The race for resources has put the spotlight on the Act, which, under a system known as free entry, allows prospectors and mine developers almost unhindered access to public lands and much private property as well.
Indians say they're fighting for the right to control development on their traditional lands. The Morrisons and other non-natives are incensed that prospectors can arrive, unannounced, and dig for minerals under their feet.
The controversy has grown so high profile that Premier Dalton McGuinty promises to "modernize" the creaky law.
Much is at stake: Queen's Park is courting mining companies to boost the province's economy. Industry officials warn mining would die without free entry.
Prospectors depend on secrecy, said Neal Smitheman, lawyer for Frontenac Ventures. "They don't want to share information before staking ... It's easy to have your claim jumped."
On the other side, seven people are in jail for protesting mine developments,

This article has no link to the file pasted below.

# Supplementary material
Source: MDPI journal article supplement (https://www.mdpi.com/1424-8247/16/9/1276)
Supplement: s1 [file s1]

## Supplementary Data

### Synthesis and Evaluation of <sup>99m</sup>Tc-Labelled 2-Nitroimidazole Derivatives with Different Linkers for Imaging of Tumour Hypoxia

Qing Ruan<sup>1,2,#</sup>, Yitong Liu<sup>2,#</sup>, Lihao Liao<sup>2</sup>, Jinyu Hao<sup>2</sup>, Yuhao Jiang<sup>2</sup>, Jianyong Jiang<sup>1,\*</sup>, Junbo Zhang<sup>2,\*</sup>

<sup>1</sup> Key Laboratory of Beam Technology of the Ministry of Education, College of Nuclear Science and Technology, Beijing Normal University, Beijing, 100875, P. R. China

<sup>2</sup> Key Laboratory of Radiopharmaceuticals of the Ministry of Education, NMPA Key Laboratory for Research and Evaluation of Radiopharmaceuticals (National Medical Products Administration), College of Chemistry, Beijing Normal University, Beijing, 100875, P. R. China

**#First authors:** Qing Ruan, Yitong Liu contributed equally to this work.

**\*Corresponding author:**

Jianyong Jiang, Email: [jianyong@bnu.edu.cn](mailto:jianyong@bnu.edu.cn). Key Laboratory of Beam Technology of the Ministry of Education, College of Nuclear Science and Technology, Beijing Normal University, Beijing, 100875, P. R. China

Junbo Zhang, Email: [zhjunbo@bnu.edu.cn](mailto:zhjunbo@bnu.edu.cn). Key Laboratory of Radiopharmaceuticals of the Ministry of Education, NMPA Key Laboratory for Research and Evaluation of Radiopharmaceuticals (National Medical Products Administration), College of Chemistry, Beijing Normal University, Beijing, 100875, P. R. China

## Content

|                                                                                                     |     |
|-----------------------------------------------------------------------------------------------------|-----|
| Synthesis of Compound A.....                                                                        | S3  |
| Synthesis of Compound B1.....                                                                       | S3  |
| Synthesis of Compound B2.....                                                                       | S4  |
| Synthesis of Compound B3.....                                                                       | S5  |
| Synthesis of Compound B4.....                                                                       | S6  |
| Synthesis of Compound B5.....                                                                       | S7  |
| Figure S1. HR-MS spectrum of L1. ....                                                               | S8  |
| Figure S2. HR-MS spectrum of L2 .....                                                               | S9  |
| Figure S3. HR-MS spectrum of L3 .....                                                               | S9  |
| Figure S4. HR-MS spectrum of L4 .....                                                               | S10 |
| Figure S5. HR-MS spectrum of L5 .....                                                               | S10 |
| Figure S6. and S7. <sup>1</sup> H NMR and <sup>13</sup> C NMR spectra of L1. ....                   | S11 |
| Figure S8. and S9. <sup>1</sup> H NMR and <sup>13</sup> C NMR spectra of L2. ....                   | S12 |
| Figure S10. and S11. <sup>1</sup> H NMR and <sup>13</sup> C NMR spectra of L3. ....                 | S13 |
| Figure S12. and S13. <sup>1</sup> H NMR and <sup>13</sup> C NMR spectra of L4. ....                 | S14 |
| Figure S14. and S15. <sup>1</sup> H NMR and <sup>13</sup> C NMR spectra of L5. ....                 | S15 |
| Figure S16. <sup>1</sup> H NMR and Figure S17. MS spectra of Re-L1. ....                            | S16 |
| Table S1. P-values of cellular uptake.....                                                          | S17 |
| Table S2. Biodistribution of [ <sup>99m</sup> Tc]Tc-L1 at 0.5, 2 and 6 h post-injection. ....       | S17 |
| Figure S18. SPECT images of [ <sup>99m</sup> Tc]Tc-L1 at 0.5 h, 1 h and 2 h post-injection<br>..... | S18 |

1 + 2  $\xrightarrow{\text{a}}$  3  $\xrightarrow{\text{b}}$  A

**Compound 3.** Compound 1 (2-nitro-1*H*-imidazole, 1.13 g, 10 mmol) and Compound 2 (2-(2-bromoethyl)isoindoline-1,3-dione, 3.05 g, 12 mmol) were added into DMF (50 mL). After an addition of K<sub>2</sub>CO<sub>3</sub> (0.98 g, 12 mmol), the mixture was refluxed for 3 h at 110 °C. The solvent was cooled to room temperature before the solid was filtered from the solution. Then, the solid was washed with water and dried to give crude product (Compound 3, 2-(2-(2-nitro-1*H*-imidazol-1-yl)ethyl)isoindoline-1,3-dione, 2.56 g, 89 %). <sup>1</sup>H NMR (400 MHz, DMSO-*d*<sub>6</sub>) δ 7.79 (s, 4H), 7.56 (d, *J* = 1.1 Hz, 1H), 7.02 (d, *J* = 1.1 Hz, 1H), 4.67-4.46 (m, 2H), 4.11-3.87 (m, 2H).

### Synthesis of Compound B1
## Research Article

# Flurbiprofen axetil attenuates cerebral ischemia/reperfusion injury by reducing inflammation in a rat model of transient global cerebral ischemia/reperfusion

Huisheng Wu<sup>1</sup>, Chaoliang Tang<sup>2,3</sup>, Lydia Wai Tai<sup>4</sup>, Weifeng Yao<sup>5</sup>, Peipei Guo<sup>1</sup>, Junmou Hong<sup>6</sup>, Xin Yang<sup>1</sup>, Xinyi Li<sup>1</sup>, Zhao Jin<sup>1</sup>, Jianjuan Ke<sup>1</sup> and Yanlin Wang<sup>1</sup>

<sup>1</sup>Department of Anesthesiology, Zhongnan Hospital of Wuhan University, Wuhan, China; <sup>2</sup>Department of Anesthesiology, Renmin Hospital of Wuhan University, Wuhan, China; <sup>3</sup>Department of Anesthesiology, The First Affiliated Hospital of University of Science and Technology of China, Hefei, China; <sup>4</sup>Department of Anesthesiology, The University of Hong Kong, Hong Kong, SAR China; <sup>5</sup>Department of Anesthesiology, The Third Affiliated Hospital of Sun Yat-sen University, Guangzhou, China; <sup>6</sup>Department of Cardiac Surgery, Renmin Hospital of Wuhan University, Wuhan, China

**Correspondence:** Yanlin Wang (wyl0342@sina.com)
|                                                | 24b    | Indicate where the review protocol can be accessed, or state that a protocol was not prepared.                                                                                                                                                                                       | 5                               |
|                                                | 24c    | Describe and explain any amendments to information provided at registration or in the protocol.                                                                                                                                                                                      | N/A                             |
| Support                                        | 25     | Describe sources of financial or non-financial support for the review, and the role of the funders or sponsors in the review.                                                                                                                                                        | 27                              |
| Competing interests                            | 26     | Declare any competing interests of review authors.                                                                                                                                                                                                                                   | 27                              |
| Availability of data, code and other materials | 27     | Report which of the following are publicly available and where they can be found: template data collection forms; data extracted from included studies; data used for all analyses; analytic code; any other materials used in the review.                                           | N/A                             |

and more might join them next month.
AFTER FINDING THE METAL
Morrison contacted a local Indian group, the Ardoch Algonquin First Nation, whose land claim covers most of the proposed mining territory.
After months of research and phone calls, non-natives and Indians joined forces.
On last year's national aboriginal day of protest, the Algonquins set up a blockade camp at Frontenac's base, a few kilometres from the Morrisons' place, where exploratory drilling was to be done. A short-term event became a peaceful vigil that continued for months. Non-native supporters, who refer to themselves as settlers, brought food and supplies, and communicated the story to the rest of the province.